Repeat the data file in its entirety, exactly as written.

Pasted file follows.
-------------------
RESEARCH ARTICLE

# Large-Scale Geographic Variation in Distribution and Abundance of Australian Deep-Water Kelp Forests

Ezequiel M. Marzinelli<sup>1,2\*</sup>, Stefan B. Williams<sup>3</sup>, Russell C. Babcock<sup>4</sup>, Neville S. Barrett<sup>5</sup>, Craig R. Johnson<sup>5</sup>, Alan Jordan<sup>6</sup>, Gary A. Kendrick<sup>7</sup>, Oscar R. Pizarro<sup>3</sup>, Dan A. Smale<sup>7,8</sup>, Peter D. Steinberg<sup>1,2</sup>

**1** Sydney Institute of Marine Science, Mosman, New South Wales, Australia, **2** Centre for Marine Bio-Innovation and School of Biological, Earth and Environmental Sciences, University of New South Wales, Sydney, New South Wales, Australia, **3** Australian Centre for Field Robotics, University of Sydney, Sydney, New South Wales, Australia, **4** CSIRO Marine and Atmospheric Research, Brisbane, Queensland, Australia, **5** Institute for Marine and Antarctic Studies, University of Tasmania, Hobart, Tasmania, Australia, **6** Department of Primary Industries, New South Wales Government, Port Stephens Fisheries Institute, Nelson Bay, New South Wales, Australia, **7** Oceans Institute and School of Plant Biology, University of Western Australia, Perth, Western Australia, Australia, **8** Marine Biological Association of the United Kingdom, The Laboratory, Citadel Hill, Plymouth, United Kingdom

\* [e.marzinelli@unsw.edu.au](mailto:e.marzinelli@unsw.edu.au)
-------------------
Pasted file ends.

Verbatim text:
RESEARCH ARTICLE

# Large-Scale Geographic Variation in Distribution and Abundance of Australian Deep-Water Kelp Forests

Ezequiel M. Marzinelli<sup>1,2\*</sup>, Stefan B. Williams<sup>3</sup>, Russell C. Babcock<sup>4</sup>, Neville S. Barrett<sup>5</sup>, Craig R. Johnson<sup>5</sup>, Alan Jordan<sup>6</sup>, Gary A. Kendrick<sup>7</sup>, Oscar R. Pizarro<sup>3</sup>, Dan A. Smale<sup>7,8</sup>, Peter D. Steinberg<sup>1,2</sup>

**1** Sydney Institute of Marine Science, Mosman, New South Wales, Australia, **2** Centre for Marine Bio-Innovation and School of Biological, Earth and Environmental Sciences, University of New South Wales, Sydney, New South Wales, Australia, **3** Australian Centre for Field Robotics, University of Sydney, Sydney, New South Wales, Australia, **4** CSIRO Marine and Atmospheric Research, Brisbane, Queensland, Australia, **5** Institute for Marine and Antarctic Studies, University of Tasmania, Hobart, Tasmania, Australia, **6** Department of Primary Industries, New South Wales Government, Port Stephens Fisheries Institute, Nelson Bay, New South Wales, Australia, **7** Oceans Institute and School of Plant Biology, University of Western Australia, Perth, Western Australia, Australia, **8** Marine Biological Association of the United Kingdom, The Laboratory, Citadel Hill, Plymouth, United Kingdom

\* [e.marzinelli@unsw.edu.au](mailto:e.marzinelli@unsw.edu.au)